"When they have got their assets in the cloud, PlayBox is one of few automation vendors who have a totally software centric play out. We can put out software on a laptop and stream a TV channel without any extra hardware, onto the Internet, or via satellite," he added.
"If you take the full meaning of the word cloud you could create a play out anywhere in the world. But in real terms cloud for this part of the process is not really relevant. It is unlikely that you would want to play out anywhere; you will want to play out via an uplink centre. The cloud that most people in the broadcast industry are looking at is a way of getting their media transferred to those play out centres – be they uplink sites or Internet head ends."

The key element is knowing your USP
According to Malcolm Robinson, director of media and broadcast solutions with Broadcast Networks: "The basic concept of understanding a customer's problems and working together to design and then implement a solution that solves the issues is still completely relevant to today's changing technological environment. Obviously the skills sets required have evolved. We have been using IT solutions and many different integration methods for a number of years and software based installations are common place. So the concept of linking best of breed products is still very relevant."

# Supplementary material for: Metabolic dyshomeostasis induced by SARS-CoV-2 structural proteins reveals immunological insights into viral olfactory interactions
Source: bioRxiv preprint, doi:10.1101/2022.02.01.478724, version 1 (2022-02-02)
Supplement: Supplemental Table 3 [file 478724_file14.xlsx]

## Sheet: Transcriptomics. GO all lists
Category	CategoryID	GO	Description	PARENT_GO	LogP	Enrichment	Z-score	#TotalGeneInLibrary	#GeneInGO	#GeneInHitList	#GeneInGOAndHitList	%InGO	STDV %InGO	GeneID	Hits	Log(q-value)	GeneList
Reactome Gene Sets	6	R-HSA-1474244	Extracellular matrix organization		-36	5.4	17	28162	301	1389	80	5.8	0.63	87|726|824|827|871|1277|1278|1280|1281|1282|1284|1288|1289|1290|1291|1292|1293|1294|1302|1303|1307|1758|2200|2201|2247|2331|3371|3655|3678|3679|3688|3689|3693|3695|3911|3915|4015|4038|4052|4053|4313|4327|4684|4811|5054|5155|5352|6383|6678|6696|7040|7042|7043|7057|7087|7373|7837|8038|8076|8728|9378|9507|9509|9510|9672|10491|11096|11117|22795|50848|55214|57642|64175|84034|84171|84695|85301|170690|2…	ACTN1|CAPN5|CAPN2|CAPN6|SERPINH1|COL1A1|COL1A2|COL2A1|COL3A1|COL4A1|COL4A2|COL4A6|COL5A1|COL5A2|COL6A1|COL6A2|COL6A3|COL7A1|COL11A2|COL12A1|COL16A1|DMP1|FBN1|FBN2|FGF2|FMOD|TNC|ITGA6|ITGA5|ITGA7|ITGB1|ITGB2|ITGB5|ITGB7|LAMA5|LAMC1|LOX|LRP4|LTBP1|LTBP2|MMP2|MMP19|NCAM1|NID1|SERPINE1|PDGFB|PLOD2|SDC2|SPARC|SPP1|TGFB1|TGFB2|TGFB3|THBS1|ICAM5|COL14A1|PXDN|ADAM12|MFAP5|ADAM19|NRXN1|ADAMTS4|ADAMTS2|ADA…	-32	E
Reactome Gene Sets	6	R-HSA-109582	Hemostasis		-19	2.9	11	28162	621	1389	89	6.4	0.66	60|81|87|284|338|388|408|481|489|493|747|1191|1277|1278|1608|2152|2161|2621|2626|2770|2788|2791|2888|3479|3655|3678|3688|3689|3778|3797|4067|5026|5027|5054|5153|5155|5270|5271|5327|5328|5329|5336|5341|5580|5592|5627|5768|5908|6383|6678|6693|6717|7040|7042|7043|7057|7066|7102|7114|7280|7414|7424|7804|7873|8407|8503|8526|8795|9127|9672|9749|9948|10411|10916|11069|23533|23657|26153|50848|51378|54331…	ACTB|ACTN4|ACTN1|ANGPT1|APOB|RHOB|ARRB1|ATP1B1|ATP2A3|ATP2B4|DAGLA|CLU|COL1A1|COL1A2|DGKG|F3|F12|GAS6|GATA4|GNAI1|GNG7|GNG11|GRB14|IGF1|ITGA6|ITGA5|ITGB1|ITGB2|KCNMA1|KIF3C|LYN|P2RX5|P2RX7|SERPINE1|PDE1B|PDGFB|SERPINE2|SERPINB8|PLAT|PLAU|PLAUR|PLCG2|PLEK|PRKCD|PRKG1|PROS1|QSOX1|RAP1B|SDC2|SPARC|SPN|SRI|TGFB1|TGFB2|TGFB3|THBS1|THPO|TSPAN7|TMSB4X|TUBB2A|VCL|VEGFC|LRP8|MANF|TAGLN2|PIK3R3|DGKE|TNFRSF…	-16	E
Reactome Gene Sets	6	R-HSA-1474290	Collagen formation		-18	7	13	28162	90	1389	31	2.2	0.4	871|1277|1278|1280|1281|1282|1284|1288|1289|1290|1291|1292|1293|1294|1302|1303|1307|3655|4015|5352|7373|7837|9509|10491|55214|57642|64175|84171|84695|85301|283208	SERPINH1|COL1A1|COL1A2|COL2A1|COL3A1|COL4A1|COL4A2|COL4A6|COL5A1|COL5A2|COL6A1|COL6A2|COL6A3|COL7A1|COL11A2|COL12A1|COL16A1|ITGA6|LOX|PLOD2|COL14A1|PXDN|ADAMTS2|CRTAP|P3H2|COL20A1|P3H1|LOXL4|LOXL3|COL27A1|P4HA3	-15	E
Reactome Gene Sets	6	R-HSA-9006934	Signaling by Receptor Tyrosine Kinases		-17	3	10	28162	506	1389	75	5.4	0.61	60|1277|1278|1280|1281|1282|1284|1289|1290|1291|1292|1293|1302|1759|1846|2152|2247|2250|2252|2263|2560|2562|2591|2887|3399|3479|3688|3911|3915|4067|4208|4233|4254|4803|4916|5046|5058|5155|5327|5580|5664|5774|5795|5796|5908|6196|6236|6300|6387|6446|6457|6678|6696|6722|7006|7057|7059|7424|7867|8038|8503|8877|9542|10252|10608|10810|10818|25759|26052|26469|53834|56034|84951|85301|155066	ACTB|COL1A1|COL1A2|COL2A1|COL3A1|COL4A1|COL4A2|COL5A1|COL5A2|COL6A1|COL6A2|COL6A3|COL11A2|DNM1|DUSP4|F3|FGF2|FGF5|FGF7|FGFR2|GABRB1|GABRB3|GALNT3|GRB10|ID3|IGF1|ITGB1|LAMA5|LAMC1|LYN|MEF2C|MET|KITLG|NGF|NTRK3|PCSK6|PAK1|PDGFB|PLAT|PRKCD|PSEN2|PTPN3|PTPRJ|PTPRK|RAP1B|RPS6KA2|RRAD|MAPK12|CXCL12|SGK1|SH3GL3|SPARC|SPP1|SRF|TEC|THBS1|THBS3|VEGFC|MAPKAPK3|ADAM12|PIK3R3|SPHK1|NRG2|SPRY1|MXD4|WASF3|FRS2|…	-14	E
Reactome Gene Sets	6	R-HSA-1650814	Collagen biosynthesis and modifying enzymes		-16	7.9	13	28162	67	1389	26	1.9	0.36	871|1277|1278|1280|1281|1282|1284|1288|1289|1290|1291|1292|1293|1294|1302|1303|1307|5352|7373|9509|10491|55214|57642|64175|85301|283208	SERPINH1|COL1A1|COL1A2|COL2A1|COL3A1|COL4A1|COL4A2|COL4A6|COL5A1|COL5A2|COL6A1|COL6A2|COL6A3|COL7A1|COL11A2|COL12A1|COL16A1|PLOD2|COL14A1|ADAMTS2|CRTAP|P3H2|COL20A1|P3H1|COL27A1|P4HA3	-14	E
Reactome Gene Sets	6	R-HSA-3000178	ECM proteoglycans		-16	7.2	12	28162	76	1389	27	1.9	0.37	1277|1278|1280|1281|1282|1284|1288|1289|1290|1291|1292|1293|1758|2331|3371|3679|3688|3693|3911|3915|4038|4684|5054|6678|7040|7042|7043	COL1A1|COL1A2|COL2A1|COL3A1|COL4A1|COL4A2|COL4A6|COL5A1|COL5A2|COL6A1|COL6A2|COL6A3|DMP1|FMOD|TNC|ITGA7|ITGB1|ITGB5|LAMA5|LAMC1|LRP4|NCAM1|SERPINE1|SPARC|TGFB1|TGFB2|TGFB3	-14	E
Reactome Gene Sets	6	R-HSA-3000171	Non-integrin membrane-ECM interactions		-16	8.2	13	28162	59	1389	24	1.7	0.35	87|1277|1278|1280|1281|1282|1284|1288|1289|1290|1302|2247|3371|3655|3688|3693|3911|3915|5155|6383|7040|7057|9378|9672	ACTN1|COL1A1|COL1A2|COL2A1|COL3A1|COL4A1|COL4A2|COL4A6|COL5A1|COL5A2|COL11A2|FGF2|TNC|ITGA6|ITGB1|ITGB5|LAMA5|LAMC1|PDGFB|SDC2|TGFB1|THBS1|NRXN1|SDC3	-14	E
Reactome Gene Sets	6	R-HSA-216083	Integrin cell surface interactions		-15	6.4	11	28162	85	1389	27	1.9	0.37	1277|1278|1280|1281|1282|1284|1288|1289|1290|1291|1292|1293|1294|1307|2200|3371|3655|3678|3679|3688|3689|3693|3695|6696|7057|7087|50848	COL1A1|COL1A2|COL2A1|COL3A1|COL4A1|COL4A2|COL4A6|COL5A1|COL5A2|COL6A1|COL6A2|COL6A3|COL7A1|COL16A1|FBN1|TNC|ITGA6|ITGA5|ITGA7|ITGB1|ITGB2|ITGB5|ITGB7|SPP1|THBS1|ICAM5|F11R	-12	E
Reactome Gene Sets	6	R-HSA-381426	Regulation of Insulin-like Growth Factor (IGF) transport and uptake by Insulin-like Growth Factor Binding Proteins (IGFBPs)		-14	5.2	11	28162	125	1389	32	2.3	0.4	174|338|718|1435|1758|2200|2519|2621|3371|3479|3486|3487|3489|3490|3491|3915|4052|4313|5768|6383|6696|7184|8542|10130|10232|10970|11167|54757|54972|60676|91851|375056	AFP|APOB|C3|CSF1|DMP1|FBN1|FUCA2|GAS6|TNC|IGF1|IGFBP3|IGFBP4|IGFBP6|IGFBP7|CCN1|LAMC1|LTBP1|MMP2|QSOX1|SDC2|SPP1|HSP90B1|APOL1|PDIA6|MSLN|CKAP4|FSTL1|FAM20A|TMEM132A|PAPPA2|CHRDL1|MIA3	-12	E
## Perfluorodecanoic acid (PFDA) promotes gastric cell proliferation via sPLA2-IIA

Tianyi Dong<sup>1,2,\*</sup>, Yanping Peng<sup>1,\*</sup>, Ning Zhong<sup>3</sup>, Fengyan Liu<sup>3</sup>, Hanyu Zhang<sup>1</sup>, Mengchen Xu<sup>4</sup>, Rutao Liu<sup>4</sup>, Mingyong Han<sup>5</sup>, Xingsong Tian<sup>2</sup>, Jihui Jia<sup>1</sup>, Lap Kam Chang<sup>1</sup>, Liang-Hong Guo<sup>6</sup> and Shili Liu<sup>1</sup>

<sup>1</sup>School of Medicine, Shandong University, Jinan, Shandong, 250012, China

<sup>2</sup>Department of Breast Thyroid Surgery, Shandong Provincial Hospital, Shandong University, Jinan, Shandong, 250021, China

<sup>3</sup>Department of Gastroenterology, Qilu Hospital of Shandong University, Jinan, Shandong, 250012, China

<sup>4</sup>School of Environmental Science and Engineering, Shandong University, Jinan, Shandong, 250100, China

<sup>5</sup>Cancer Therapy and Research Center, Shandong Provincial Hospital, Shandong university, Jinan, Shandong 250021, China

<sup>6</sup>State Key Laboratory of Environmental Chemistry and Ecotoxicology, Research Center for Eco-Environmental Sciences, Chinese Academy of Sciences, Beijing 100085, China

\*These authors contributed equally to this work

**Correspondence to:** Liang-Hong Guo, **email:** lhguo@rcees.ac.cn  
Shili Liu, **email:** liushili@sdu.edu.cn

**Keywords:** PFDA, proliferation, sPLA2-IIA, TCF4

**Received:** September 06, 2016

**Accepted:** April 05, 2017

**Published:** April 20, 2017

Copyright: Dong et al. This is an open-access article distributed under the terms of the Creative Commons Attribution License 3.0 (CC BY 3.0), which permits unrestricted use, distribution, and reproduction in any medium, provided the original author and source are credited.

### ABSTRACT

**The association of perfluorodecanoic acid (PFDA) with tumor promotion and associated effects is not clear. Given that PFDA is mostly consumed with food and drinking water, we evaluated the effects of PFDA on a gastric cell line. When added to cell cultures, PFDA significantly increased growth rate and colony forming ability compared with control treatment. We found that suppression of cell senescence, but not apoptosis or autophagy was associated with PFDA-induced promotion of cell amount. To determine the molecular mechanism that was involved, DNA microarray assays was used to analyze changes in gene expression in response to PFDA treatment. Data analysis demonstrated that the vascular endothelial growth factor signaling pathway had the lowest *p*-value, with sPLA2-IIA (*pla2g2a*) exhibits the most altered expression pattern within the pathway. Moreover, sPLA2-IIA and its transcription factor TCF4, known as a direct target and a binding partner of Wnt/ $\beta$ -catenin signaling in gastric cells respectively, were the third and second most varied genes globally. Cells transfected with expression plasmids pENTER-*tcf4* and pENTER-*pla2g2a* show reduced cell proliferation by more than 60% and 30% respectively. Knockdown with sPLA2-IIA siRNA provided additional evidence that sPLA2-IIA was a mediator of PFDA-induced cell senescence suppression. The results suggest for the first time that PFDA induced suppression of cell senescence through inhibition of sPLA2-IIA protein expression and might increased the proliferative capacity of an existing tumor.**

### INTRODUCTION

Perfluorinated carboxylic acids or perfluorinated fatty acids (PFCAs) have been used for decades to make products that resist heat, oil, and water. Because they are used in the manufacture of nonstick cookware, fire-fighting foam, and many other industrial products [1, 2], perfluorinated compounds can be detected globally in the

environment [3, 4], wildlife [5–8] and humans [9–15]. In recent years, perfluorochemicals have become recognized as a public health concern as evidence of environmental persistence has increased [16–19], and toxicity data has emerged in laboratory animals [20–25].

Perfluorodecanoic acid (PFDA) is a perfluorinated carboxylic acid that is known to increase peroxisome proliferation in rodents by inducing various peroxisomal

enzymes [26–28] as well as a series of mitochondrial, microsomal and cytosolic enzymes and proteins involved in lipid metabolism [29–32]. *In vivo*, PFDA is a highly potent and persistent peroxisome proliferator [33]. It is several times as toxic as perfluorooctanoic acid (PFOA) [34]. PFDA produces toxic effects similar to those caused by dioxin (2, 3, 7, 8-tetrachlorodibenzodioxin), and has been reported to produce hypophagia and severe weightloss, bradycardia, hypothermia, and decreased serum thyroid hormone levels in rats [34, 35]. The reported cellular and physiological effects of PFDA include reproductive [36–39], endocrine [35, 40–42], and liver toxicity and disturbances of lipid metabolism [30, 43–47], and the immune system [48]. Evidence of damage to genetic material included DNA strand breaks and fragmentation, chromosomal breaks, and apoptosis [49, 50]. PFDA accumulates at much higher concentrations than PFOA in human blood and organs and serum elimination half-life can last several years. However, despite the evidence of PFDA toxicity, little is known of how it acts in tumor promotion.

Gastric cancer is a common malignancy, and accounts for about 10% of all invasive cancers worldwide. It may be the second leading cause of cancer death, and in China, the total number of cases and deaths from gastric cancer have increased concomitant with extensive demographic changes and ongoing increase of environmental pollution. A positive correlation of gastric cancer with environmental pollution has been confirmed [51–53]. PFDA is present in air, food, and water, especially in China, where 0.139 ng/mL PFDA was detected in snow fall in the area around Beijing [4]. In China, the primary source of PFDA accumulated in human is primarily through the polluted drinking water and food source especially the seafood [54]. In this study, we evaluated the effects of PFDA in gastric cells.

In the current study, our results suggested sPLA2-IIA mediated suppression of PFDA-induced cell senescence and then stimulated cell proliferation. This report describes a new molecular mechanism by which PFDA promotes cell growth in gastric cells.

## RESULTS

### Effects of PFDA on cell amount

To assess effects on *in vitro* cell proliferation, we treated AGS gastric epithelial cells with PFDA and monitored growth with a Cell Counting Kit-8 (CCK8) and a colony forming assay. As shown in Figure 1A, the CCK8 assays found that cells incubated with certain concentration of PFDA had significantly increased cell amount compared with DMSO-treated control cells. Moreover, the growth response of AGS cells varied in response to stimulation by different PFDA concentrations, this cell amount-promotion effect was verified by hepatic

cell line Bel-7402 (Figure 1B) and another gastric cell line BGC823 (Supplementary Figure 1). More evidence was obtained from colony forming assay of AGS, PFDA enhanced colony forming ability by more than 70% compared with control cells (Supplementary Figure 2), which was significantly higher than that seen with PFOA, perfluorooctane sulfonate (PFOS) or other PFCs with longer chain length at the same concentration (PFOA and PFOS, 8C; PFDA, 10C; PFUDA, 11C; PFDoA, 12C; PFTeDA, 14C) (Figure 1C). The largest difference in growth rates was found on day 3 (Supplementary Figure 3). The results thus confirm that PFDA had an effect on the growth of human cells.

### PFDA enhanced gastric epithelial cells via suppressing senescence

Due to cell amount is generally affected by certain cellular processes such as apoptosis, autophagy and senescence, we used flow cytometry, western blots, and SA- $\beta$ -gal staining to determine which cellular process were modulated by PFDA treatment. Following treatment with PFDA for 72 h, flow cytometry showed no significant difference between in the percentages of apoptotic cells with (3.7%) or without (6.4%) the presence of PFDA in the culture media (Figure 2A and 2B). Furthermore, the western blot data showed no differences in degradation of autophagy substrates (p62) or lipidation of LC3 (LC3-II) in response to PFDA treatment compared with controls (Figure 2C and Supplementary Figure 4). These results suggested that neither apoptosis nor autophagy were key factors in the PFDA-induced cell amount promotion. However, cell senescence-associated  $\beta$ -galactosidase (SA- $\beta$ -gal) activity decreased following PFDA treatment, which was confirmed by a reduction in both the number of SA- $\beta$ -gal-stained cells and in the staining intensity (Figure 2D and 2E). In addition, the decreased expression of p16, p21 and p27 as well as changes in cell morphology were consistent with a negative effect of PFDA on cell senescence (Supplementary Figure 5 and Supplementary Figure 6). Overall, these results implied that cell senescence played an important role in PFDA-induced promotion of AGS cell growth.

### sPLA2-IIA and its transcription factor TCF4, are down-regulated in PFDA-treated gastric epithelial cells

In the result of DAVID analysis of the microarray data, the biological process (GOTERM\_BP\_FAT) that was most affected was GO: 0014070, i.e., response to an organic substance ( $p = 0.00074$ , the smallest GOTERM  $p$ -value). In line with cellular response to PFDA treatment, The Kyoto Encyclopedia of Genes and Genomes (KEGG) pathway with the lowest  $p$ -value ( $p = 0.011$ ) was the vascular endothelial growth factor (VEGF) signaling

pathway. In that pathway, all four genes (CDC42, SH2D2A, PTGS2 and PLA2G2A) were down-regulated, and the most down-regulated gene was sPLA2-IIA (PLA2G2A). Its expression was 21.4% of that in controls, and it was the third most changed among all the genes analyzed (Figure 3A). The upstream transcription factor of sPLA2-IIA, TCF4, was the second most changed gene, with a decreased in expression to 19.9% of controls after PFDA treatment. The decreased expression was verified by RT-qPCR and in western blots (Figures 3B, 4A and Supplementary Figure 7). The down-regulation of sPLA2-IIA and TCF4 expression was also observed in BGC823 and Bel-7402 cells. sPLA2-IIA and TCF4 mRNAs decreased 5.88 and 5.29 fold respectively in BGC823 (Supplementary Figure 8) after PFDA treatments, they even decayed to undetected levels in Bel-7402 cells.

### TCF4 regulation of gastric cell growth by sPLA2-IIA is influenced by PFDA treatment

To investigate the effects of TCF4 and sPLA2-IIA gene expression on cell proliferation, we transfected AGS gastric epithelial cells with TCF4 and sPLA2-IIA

How does Broadcast Networks relate to the many 'best of breed' software companies?
"A key element is to engage with industry insiders via our solution architect team, to gain a broad understanding of the various concepts and offerings available. This takes many forms from meeting manufacturers to forums and industry gatherings. Once we have some generic ideas we sit down and discuss internally what we feel is the best options for initial discussion and then through open dialogue with customers we reach a working solution fit for their requirements. (An SI) always tries to offer a number of scenarios to provoke thoughts and ideas," said Robinson.
Asked about the impact of the CIAB market and software companies that integrate their own products, Robinson said: "Many manufactures see system integration as a route to market. This is sometimes (successful) and commercially may make sense, but may not give the best option to customers. In this business we have to evolve with our market place; the key element is knowing where our USP is, which is in thought leadership and fantastic solution design."

Read the article in the online edition of RFV here.